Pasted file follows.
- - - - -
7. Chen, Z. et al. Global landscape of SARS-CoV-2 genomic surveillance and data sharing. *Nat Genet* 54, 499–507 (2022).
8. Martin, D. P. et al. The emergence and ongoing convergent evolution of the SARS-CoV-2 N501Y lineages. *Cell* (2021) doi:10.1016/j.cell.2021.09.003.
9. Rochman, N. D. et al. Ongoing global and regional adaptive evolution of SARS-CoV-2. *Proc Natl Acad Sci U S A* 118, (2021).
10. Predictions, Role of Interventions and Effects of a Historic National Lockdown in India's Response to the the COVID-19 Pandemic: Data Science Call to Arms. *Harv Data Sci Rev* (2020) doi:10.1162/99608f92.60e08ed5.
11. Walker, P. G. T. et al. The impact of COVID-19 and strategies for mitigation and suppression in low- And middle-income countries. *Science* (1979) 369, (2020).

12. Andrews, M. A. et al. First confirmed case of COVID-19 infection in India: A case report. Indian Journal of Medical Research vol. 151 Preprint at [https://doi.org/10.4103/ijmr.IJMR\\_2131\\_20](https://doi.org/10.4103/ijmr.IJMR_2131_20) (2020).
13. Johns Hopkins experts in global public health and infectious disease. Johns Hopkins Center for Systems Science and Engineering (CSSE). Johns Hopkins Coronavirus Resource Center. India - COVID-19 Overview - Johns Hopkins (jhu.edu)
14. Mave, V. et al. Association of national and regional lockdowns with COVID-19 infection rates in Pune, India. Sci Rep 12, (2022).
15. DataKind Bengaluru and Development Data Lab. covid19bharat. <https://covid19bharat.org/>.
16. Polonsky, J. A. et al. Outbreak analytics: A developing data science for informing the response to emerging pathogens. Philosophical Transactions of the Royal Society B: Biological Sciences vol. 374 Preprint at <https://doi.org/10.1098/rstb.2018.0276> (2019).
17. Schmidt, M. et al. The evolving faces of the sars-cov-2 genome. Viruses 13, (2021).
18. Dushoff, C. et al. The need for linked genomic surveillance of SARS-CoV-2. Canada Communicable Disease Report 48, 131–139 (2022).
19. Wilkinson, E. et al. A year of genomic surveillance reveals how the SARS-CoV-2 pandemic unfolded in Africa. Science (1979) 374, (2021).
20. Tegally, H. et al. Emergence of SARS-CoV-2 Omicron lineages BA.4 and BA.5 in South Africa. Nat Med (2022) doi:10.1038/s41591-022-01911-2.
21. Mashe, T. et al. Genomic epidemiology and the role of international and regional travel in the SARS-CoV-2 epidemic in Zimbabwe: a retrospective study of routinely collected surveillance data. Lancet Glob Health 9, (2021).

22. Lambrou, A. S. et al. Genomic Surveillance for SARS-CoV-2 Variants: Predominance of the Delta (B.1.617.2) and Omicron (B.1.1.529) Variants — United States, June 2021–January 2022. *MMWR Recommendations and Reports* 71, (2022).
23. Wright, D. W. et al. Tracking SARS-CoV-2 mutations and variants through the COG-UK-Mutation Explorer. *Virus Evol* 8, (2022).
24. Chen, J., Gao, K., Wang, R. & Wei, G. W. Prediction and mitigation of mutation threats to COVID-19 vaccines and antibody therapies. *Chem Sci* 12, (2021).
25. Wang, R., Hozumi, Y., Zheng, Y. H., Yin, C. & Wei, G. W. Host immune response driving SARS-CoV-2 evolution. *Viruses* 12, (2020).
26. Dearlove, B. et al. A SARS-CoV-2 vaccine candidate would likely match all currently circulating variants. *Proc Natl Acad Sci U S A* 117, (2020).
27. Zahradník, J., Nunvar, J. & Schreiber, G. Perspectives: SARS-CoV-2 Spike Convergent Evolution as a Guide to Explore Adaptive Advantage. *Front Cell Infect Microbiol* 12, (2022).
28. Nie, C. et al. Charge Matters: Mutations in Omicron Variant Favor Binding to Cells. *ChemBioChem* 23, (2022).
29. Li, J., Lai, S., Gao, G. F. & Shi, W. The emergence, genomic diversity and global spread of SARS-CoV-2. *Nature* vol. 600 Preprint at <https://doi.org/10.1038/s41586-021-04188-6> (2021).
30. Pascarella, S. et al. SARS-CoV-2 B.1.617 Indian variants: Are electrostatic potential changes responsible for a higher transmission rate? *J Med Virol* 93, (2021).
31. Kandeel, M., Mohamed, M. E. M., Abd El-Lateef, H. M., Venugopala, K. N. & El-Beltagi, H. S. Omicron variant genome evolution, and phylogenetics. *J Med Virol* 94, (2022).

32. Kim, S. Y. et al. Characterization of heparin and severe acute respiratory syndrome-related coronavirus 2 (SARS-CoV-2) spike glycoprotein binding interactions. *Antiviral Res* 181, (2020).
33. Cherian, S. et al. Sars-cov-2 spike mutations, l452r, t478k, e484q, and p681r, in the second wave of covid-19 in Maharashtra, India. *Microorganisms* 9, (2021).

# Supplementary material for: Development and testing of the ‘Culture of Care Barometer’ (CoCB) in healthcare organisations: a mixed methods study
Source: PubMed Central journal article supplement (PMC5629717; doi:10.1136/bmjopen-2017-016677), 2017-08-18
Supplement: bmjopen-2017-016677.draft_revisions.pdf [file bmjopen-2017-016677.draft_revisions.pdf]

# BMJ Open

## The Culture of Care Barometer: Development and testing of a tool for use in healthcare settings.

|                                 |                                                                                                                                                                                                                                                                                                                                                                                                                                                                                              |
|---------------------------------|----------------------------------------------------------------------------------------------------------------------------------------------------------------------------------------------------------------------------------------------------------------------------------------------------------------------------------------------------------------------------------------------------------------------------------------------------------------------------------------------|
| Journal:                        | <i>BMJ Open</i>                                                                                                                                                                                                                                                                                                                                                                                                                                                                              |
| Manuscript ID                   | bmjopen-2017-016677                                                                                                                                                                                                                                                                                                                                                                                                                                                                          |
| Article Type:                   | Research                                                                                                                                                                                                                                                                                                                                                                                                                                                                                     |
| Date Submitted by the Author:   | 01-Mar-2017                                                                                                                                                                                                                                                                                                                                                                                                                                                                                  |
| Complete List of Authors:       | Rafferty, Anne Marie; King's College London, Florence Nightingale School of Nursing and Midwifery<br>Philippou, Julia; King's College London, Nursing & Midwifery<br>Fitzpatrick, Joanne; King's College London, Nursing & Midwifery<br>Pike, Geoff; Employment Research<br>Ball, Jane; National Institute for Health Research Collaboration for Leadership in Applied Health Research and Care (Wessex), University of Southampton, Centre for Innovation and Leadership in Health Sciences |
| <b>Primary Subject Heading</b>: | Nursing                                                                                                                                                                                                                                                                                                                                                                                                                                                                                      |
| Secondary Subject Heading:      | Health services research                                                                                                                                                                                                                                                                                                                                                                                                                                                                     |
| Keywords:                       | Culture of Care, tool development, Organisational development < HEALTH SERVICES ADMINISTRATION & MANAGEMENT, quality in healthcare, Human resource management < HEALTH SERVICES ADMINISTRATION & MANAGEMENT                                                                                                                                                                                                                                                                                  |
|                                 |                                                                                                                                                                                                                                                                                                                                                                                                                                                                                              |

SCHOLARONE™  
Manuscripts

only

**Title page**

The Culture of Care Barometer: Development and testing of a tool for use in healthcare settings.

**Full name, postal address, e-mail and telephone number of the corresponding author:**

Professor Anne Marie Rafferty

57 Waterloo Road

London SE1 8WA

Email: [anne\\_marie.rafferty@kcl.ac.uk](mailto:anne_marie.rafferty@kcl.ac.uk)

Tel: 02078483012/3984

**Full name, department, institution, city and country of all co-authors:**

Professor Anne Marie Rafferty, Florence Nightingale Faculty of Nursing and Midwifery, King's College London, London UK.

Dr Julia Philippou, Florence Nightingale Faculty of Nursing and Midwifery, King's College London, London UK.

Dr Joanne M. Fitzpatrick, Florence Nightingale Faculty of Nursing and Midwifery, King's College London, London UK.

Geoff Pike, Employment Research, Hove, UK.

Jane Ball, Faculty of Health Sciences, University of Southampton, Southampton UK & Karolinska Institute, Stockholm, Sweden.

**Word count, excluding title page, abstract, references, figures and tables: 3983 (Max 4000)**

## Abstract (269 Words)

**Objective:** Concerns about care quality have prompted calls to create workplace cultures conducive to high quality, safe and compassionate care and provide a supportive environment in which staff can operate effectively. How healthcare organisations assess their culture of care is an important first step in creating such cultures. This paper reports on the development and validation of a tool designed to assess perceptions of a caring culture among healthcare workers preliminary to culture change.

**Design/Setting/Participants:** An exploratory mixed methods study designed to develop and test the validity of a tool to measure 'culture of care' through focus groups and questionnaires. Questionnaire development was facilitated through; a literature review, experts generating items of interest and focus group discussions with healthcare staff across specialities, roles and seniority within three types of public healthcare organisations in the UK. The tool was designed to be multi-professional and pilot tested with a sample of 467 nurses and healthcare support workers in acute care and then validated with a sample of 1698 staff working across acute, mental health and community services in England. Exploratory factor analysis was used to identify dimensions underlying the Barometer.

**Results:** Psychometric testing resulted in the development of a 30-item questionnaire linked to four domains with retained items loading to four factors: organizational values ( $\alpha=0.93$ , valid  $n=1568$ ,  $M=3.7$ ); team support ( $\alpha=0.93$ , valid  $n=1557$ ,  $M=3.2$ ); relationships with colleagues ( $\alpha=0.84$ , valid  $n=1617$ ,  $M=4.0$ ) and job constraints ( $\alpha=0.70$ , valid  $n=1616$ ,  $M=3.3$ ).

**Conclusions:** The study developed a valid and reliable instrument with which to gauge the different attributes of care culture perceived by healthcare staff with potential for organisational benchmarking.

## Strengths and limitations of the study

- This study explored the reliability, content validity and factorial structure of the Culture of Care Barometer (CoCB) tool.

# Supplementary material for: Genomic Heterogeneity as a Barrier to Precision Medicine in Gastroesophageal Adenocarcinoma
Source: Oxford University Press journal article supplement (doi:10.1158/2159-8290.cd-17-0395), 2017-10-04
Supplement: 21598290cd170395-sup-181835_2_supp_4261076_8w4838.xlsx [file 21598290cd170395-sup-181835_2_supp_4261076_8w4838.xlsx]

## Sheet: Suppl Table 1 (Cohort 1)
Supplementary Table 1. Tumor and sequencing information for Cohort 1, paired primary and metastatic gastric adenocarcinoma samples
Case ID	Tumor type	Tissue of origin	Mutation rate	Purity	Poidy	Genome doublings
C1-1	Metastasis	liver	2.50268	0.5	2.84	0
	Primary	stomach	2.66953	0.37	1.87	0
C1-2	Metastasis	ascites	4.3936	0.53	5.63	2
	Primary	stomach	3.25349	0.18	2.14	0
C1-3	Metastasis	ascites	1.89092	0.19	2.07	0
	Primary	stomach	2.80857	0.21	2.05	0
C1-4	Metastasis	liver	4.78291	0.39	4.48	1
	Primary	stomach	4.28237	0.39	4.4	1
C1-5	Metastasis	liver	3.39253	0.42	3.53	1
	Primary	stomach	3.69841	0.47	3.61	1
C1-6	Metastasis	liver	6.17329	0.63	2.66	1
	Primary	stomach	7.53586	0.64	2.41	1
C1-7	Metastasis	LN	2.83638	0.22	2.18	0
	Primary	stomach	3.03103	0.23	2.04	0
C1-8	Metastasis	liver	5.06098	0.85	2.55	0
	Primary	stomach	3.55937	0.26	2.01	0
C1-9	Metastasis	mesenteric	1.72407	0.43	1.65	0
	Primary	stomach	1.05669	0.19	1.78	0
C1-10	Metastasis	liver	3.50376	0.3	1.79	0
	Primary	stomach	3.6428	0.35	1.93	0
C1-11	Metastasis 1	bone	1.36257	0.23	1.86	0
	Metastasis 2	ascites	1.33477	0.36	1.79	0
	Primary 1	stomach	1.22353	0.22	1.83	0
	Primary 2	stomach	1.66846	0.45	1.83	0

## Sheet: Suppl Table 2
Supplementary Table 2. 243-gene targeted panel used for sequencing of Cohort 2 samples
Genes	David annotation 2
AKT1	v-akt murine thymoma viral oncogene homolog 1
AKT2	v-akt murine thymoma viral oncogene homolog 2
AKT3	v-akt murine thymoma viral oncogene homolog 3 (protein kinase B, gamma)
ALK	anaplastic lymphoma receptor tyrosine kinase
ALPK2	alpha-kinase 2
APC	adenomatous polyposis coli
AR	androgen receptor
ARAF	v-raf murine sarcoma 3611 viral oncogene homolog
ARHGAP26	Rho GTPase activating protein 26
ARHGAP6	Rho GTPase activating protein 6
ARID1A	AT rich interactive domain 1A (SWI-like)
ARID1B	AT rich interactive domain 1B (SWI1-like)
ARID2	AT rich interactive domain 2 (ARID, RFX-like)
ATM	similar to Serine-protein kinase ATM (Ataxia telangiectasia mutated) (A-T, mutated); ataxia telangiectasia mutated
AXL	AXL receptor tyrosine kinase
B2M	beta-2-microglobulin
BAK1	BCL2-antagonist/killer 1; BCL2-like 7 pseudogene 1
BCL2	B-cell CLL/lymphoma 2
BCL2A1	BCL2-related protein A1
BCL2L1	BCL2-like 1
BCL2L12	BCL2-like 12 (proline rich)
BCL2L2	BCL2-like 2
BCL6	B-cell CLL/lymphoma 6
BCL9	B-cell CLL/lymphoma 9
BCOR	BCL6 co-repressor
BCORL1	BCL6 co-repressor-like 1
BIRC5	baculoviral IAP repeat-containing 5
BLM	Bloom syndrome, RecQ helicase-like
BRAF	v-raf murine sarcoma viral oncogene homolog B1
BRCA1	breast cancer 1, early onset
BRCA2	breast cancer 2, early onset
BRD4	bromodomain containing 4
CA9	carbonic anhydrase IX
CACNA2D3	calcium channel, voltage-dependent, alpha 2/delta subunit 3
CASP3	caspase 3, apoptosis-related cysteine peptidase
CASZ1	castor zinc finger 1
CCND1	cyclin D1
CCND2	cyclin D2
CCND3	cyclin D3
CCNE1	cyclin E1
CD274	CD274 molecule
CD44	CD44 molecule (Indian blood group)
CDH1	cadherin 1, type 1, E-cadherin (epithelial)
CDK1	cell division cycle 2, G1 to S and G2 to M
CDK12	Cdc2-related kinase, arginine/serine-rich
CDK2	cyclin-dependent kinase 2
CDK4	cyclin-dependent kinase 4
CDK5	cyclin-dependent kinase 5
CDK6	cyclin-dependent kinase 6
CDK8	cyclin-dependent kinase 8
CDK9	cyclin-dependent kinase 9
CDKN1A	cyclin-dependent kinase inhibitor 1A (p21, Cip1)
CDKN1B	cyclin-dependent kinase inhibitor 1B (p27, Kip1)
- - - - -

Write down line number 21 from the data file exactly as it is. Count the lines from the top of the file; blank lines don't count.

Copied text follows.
27. Zahradník, J., Nunvar, J. & Schreiber, G. Perspectives: SARS-CoV-2 Spike Convergent Evolution as a Guide to Explore Adaptive Advantage. *Front Cell Infect Microbiol* 12, (2022).